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By Margaret Fiero MA, LPC-Intern and William Schroeder, MA, LPC
When it comes to Western medicine, the connection between mind and body could be described as tenuous at best. We are conditioned by our culture and our healthcare system to think that if we have a problem with our foot, our foot alone should be treated and healed, without any thought put to any other part of our body or mind. This philosophy translates to mental health as well. I work with clients who have primarily had some sort of serious mental health crisis, and often find myself surprised by the lack of knowledge around the relationship between physical health and mental health.
Avoiding Easy Answers
Who are among the first professionals that we spill to our mental health struggles? Well, alongside hair stylists, that would be the family physician. This is partly because conditions such as depression, PTSD, etc., often appear first as physical symptoms. Stomach problems? Sore muscles? Migraines? Heart palpitations? Those could be signs of many problems, including depression and anxiety, though they’re often not treated that way. Fortunately, there is an Austin family physician who does see the importance of a holistic approach to medical care. Dr. Stephen Blair, based at UT Austin, has twenty years of experience as a physician. Despite the years he has under his belt, he maintains a certain humility, acknowledging that there’s “nothing more satisfying than saying to a patient, ‘I know what’s wrong. I have an easy test that can prove my theory and a safe remedy that will resolve your issue,’” while be fully aware that it’s usually not that easy. Those of us who have been to a family physician when we’ve felt sick – which I believe would be most of us – know that’s the truth. Aware of this failing of Western medicine, Dr. Blair sees himself as more – and perhaps less – than the all-knowing good doctor. Rather, he strives to be “part physical scientist, part detective, part translator, part counselor.” One way he employs this approach is to screen annually for substance use disorders, which can be insidious and often hidden behind other health maladies.
Wearer of Many Hats
Dr. Blair’s description of himself as a medical professional who wears many hats is an apt one, as he sees patients with many presenting issues. He is the practitioner you go to when you have everything from a cold to serious depression. Speaking of depression, how does Dr. Blair approach such a delicate issue?
“Since Depression and Anxiety and Bipolar disorder have such varied symptoms, they can often ‘present’ the same clues as hypo- and hyperthyroidism, sleep apnea, anemia,” among other common disorders, says Dr. Blair.
No wonder so many individuals end up at their family doctor’s office with a physical complaint, when in fact they are struggling with a mental health issue. After all, when mental health issues are not treated or are ignored, they often end up manifesting as somatic, or physical, problems.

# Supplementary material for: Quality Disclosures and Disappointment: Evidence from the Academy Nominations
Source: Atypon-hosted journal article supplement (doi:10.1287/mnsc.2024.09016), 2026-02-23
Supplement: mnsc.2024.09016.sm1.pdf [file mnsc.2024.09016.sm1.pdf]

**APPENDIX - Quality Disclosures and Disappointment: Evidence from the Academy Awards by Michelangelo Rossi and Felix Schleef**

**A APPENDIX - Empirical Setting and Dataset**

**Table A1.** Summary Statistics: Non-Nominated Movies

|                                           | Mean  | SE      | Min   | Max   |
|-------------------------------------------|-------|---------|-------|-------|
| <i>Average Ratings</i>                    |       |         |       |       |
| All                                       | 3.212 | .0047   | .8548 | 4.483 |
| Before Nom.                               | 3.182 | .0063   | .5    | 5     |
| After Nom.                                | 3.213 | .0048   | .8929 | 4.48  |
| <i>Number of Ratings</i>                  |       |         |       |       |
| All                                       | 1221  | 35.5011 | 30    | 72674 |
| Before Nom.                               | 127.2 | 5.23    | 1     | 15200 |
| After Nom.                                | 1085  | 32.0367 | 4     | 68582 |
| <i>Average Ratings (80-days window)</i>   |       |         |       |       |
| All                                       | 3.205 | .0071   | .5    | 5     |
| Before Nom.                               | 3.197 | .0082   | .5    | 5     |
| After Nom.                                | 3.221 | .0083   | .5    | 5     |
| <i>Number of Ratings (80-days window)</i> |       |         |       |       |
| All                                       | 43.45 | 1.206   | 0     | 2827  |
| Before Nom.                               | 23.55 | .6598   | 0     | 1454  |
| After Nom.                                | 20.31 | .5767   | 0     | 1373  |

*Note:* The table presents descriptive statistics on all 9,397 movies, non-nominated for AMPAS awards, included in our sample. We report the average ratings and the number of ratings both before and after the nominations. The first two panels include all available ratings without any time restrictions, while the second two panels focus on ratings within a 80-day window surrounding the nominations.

It’s not only the doctor who prefers an easy answer. Dr. Blair admits that one struggle when faced with patients with mental health issues, is that they often look to tests and procedures, such as MRI’s, for answers. It’s understandable, as we would all prefer to deal with something tangible like test results than the uncertainty ahead of us when given a mental health diagnosis. Denial can also be a roadblock to treatment that requires work to overcome. Dr. Blair says that many “patients at least initially don’t want to accept or believe that depression is an issue in their lives.” Getting patients to agree to “talk and/or medication therapy” if necessary is another undertaking in itself.
“Once that initial inertia is overcome and the patient has bonded with a therapist… and we have found an effective medication,” says Dr. Blair, “The patient usually has an attitude similar to ‘Why the heck did I wait so long to do this?’
Dr. Blair says that the best approach is making a plan and sticking to it. “Improvement is the rule when the process is embraced.” Mental health most certainly requires cooperation by the affected individual; it isn’t just about taking a pill. Treatment is most successful when the patient or client is compliant with both medication and therapeutic modalities. In light of the many current issues with our healthcare system, it is encouraging to know that there is a doctor out there who realizes the importance of getting the patient on board as an active participant in their healthcare, rather than just “treating” them. Thank you to Dr. Blair for spending time with us on this subject.